More Bad News for Real Estate Agents

Jeff Bailey reports in the The New York Times today about how an internet site that cuts out real estate agents has grabbed 20% of the market in Madison, Wisconsin. (I think you may need a NY Times password to read the article.)

For $150, this site lists your home. The article suggests that real estate agents have missed out on $17 million in commissions because of transactions done through this site.

My impression is that most “for sale by owner” websites haven’t been very successful. They struggle with the fact that for the buyer, there is no obvious cost to hooking up with a real estate agent since the buyer’s agent gets paid by the seller, not the buyer. But once you have a buyer’s agent, they usually aren’t very interested in showing the buyer “for sale by owner” properties. Perhaps the key is simply for this kind of “for sale by owner” website reaching a critical mass that makes it worth a buyer’s while not to enlist an agent. According to the NY Times article, there are more hits on this “for sale by owner” website than on the official MLS website that the agent-listed properties are on. So that critical mass has been reached.

It will be interesting to see what follows. One might expect that real estate agents in Madison would start to compete on price, cutting their six percent commission. Or, maybe there will be no response at all, just a steady flow of more and more properties towards “for sale by owner.”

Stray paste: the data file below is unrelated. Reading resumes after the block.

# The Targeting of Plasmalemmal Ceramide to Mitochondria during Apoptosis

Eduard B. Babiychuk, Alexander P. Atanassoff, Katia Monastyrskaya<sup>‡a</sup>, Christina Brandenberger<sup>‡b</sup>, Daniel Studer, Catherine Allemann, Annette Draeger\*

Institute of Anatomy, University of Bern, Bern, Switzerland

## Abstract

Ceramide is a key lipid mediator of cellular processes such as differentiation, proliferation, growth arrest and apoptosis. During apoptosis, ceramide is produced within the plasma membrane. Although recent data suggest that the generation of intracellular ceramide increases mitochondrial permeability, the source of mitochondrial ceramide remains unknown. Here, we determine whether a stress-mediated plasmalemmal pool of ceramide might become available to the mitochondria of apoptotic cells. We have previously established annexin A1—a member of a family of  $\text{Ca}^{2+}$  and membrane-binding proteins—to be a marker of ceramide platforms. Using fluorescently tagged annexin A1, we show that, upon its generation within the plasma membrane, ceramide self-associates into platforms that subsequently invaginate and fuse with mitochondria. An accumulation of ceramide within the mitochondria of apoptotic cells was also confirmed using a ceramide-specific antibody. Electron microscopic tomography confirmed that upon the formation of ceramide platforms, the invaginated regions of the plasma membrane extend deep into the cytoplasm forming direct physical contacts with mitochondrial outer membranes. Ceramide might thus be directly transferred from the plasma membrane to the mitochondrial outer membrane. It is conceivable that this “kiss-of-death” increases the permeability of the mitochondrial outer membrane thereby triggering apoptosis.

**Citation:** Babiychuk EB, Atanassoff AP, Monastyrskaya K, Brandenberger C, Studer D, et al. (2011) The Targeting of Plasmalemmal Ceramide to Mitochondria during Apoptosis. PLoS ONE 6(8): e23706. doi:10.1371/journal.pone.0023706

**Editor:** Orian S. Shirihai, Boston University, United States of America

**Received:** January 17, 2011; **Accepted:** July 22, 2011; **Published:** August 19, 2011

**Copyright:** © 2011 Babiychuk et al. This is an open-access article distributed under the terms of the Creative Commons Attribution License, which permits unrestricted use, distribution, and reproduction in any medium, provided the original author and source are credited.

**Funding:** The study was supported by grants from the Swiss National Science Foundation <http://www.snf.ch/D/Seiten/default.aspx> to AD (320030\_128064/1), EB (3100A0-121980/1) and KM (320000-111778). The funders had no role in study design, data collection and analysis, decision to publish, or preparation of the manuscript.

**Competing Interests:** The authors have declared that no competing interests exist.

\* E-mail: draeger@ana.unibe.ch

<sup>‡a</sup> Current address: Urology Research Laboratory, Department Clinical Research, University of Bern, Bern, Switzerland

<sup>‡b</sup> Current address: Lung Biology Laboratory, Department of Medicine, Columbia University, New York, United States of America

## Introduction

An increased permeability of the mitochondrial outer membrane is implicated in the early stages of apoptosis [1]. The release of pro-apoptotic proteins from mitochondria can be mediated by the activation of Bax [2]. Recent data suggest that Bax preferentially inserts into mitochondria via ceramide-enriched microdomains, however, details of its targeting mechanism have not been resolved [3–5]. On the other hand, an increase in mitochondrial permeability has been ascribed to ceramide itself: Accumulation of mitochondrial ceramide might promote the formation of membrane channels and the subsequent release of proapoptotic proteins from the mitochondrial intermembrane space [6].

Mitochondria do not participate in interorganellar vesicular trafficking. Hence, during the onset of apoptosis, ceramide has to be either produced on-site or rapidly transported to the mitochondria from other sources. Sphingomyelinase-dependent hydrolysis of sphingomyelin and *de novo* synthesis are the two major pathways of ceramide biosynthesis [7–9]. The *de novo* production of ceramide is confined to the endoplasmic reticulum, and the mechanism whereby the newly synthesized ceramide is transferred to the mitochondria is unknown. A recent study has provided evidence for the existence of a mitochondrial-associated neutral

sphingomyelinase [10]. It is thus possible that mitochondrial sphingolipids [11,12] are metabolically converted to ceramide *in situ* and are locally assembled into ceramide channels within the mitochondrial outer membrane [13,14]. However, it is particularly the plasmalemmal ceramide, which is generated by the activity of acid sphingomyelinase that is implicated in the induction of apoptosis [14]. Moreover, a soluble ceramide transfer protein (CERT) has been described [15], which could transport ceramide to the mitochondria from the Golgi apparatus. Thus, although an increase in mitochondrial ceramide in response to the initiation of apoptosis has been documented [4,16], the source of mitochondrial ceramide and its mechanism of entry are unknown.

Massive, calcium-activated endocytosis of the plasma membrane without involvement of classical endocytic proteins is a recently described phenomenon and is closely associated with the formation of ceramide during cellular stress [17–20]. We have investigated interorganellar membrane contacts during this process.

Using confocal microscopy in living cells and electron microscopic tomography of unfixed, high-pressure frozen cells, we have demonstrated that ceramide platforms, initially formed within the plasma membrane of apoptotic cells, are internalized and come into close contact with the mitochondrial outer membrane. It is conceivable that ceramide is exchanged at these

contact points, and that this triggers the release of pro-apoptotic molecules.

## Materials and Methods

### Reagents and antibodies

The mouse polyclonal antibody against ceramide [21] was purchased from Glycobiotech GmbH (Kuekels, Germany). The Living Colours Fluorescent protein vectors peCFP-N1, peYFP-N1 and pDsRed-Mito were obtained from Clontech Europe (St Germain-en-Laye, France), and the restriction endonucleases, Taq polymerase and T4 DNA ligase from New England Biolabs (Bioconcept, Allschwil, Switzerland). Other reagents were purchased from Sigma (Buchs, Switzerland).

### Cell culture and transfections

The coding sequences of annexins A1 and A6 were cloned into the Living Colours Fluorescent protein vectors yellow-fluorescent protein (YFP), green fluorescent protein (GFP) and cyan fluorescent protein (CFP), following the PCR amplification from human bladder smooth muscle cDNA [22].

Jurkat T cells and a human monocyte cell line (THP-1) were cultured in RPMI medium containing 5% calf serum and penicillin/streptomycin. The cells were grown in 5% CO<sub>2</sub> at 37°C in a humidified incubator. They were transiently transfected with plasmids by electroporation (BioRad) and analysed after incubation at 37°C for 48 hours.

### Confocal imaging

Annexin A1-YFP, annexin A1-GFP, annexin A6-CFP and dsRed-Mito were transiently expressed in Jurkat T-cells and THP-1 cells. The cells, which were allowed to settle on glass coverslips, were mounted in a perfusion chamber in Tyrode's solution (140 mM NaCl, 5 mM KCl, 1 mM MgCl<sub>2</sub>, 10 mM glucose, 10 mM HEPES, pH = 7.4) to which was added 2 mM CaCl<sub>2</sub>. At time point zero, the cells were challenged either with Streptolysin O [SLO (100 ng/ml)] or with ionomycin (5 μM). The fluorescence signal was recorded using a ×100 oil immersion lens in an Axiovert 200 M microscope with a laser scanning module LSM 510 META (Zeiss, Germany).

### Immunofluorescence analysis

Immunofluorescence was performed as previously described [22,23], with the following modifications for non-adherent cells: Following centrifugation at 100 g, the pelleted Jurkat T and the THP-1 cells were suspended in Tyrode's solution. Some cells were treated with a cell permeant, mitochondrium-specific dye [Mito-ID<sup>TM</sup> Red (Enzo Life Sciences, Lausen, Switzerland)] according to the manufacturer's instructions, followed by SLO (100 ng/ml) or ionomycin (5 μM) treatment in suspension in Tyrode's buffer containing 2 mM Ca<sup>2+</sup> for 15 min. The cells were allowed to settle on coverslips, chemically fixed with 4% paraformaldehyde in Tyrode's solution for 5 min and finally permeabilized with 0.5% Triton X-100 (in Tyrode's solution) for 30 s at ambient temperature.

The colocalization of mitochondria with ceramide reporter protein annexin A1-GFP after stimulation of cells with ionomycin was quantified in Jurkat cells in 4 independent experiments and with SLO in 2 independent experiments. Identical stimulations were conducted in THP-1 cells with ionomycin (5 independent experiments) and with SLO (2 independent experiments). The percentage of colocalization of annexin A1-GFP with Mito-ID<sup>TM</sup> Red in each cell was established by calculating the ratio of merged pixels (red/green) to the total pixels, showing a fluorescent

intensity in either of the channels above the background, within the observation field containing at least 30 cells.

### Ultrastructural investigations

Personally, I don’t actually think this is the wave of the future. I think real-estate agents provide a valuable service. What I think will happen is that most transactions will be brokered by real estate agents, but more and more the pricing structure will move to a flat fee for listing properties and then an hourly rate for services provided like open houses and showings. The total fees collected by real-estate agents will fall dramatically and consequently there will be a shakeout with many people leaving the profession and the ones who remain doing much more volume at a much lower payment rate per transaction.

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  1. Dr. Funk says:

    Of course, there is a fairly significant non-obvious cost. If you buy from a seller who doesn’t have to pay two agents, the sale price will be lower.